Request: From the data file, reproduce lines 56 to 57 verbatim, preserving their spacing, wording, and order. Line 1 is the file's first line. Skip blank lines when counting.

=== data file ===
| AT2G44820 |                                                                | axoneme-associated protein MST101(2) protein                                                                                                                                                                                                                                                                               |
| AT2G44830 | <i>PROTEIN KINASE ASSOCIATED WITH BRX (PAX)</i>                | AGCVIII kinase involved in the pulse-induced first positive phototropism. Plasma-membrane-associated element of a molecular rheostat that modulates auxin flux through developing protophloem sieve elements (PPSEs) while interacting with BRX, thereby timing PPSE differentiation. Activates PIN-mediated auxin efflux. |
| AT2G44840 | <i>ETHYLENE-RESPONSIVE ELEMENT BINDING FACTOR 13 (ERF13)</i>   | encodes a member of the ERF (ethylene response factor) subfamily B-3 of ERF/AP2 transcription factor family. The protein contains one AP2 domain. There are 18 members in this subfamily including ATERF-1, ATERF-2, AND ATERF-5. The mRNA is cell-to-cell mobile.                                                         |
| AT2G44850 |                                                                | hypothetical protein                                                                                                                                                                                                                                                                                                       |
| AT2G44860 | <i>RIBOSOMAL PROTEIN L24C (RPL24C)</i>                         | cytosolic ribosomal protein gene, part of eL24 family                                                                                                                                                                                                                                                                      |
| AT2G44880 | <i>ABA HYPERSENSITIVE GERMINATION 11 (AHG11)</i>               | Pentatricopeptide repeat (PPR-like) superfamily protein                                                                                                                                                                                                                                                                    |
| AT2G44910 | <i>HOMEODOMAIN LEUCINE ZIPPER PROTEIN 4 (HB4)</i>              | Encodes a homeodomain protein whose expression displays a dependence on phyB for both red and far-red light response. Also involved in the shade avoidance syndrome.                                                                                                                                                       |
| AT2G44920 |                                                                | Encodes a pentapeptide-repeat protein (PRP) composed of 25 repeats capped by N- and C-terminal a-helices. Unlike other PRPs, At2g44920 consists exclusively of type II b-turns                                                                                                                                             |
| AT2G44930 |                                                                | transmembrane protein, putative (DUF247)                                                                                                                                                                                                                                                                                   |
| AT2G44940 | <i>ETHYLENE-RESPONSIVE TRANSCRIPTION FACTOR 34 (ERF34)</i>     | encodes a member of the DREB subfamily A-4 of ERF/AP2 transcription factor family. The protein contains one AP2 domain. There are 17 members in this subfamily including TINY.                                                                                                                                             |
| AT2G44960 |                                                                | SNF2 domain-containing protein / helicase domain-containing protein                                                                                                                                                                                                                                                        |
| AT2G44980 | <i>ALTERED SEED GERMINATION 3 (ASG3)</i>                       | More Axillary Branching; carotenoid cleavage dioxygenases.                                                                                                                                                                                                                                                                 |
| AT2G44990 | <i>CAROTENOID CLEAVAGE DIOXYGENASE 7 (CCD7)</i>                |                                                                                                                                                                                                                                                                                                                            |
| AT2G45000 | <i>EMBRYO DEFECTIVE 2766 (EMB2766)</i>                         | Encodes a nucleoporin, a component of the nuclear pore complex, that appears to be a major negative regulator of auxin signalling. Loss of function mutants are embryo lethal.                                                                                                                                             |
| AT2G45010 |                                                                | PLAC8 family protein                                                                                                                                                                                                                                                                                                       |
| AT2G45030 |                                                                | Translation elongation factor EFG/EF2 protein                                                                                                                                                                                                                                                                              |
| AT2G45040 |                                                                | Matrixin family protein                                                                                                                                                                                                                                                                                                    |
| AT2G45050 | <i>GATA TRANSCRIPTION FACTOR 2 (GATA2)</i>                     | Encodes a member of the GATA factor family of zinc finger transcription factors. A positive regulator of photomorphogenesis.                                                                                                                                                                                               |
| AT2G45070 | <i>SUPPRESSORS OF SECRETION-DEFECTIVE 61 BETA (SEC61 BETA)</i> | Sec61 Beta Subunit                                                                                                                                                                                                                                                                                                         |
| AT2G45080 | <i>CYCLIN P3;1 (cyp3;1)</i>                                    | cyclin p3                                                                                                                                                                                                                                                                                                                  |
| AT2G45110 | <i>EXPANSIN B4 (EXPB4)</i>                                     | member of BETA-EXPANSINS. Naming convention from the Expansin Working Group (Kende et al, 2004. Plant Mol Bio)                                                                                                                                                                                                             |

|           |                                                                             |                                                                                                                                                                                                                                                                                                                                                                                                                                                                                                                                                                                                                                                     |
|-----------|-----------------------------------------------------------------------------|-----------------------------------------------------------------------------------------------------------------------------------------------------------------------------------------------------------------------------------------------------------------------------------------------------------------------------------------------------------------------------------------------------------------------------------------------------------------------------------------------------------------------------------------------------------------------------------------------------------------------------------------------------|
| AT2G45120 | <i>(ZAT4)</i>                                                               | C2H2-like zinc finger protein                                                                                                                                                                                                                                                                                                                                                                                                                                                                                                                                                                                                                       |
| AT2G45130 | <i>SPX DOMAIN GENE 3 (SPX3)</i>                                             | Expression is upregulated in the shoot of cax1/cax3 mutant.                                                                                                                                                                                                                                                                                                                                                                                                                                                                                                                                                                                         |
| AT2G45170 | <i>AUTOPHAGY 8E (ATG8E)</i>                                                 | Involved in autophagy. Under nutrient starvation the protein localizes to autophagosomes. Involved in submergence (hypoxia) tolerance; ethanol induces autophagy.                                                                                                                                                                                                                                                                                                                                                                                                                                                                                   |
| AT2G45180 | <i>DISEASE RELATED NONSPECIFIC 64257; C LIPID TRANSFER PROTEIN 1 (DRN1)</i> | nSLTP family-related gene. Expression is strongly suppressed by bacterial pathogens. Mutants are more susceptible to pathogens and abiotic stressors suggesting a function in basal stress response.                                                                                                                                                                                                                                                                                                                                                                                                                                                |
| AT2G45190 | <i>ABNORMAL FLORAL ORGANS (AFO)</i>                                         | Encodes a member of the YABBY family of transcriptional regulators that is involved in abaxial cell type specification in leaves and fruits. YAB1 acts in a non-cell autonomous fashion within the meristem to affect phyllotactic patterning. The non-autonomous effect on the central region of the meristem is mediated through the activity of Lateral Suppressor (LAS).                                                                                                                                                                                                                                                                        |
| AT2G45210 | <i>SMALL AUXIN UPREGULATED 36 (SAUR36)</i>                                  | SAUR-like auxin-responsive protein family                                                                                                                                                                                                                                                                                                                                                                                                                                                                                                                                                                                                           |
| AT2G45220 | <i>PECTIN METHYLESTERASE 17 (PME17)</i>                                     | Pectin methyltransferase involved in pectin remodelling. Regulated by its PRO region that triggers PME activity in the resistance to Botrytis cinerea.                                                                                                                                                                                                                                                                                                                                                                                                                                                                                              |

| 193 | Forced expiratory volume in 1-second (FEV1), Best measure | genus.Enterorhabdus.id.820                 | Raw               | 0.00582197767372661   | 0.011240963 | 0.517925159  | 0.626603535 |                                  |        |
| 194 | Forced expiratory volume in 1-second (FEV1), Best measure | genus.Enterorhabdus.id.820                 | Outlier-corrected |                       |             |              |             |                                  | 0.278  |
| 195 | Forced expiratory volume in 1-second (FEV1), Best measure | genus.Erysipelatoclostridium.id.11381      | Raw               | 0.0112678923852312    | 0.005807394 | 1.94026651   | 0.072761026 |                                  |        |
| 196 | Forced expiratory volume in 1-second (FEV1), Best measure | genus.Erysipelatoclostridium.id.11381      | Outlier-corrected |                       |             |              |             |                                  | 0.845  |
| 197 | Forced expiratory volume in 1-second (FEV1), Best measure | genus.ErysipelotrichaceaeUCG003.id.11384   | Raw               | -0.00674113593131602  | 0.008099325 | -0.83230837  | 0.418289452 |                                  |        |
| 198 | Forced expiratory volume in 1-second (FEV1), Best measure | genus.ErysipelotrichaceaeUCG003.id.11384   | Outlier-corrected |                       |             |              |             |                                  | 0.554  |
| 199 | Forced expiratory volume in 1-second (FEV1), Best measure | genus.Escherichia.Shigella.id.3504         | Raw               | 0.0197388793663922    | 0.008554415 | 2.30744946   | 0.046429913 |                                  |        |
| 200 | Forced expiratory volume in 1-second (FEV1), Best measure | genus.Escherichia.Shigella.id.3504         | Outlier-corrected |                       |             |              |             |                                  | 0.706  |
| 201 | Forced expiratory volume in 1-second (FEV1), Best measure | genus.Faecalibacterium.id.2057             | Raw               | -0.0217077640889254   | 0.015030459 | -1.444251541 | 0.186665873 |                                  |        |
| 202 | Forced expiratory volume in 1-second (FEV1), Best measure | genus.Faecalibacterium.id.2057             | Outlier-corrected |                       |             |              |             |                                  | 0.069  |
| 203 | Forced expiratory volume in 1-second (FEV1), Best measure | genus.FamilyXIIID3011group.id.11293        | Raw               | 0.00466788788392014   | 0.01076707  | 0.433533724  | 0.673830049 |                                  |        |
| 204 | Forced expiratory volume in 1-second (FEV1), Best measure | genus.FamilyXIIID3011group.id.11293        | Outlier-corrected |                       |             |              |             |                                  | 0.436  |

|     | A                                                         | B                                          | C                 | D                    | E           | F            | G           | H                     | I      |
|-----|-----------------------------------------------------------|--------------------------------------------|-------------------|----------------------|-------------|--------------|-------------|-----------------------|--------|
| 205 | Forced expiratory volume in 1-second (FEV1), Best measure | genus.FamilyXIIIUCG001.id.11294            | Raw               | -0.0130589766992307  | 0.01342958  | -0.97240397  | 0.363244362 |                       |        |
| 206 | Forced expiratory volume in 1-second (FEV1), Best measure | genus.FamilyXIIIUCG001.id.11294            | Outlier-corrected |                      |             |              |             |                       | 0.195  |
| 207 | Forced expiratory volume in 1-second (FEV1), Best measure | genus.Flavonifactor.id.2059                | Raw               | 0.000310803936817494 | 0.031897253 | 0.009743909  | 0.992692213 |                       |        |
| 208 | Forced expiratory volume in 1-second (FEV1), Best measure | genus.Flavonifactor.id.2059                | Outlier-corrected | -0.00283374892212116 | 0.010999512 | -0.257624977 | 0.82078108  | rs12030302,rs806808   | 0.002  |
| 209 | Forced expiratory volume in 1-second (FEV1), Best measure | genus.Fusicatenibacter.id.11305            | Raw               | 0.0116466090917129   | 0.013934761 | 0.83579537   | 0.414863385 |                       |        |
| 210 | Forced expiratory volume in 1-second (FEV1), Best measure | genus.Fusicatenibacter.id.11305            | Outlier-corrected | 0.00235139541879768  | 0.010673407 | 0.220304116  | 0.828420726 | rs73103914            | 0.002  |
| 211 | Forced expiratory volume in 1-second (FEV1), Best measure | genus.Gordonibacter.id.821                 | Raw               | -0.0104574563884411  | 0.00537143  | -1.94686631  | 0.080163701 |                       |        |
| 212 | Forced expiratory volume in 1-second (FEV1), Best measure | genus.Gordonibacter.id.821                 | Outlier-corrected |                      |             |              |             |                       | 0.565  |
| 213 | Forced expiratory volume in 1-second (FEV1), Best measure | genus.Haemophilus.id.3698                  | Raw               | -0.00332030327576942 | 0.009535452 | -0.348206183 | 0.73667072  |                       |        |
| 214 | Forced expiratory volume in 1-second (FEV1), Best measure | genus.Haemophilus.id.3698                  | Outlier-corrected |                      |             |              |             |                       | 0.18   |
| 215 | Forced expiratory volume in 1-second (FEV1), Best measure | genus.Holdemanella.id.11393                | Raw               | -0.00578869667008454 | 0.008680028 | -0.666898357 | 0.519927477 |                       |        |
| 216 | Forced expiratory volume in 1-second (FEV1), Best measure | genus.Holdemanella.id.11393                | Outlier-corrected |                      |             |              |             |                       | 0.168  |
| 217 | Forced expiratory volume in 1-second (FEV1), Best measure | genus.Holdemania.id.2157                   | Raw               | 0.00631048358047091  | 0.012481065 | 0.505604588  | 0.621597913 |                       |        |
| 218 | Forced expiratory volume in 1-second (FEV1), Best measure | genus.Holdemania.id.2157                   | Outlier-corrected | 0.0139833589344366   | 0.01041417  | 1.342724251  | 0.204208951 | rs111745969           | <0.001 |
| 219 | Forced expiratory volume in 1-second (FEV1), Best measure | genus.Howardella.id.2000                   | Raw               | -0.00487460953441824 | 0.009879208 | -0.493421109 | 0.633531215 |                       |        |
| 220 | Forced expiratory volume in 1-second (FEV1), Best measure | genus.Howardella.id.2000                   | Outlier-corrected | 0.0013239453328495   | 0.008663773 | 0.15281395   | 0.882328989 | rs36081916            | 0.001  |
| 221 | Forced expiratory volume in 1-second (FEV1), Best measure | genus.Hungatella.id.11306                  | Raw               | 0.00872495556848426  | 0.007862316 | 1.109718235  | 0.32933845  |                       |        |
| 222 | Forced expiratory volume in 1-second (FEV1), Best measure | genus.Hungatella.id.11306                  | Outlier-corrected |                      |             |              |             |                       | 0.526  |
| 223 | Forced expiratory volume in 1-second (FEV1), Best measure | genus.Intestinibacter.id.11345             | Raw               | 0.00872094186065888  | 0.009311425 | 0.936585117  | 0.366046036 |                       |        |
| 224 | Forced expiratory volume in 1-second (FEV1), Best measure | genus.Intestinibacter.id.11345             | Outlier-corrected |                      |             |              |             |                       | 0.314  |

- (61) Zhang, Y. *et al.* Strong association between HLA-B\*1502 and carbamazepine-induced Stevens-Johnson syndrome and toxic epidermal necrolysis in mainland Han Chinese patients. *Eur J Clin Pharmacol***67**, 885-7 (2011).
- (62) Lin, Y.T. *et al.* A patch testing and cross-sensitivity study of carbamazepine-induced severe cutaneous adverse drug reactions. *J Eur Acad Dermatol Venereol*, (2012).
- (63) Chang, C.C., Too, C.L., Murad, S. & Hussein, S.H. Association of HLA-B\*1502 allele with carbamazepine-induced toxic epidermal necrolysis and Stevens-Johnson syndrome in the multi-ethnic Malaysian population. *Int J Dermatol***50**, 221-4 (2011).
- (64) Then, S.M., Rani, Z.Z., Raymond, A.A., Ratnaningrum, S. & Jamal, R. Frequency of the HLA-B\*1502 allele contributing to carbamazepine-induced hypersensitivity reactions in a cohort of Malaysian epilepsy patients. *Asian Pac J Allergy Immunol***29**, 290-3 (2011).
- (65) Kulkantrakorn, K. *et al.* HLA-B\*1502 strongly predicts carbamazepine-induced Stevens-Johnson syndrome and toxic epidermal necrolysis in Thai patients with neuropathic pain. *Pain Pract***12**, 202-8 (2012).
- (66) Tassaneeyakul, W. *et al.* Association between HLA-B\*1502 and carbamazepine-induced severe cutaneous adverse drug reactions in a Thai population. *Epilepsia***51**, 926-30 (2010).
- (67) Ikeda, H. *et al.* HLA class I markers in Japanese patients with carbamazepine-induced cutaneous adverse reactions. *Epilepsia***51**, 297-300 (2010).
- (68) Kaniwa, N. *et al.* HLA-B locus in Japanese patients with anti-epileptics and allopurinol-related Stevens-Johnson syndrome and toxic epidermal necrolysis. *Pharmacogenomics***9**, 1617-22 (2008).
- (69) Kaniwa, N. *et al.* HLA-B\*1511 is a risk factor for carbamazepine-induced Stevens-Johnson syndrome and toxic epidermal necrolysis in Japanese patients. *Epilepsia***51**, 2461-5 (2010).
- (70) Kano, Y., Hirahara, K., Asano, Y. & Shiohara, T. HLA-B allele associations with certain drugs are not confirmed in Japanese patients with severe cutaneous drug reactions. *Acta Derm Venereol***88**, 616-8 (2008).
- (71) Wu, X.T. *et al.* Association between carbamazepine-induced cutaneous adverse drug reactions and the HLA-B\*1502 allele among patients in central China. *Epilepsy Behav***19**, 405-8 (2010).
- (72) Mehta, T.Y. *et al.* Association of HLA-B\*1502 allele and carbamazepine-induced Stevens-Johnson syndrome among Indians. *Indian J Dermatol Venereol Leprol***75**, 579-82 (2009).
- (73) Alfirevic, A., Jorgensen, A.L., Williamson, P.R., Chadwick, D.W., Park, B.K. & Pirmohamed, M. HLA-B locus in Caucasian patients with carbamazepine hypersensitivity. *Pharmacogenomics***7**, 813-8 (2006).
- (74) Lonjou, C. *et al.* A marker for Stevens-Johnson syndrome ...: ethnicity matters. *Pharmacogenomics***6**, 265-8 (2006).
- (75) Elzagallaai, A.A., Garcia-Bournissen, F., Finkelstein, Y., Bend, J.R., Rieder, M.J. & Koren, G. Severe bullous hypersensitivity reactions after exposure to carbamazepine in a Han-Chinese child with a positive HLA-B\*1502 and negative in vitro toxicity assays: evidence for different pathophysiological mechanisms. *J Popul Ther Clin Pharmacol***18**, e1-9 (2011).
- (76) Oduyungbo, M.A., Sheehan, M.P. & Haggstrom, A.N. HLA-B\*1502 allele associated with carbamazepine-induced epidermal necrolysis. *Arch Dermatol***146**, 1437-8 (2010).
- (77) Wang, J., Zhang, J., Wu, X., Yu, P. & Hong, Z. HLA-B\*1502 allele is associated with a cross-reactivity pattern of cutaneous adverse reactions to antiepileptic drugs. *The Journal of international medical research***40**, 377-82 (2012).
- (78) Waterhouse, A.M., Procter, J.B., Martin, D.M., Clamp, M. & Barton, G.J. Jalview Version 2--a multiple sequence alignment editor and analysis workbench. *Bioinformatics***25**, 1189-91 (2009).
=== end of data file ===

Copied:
| 216 | Forced expiratory volume in 1-second (FEV1), Best measure | genus.Holdemanella.id.11393                | Outlier-corrected |                      |             |              |             |                       | 0.168  |
| 217 | Forced expiratory volume in 1-second (FEV1), Best measure | genus.Holdemania.id.2157                   | Raw               | 0.00631048358047091  | 0.012481065 | 0.505604588  | 0.621597913 |                       |        |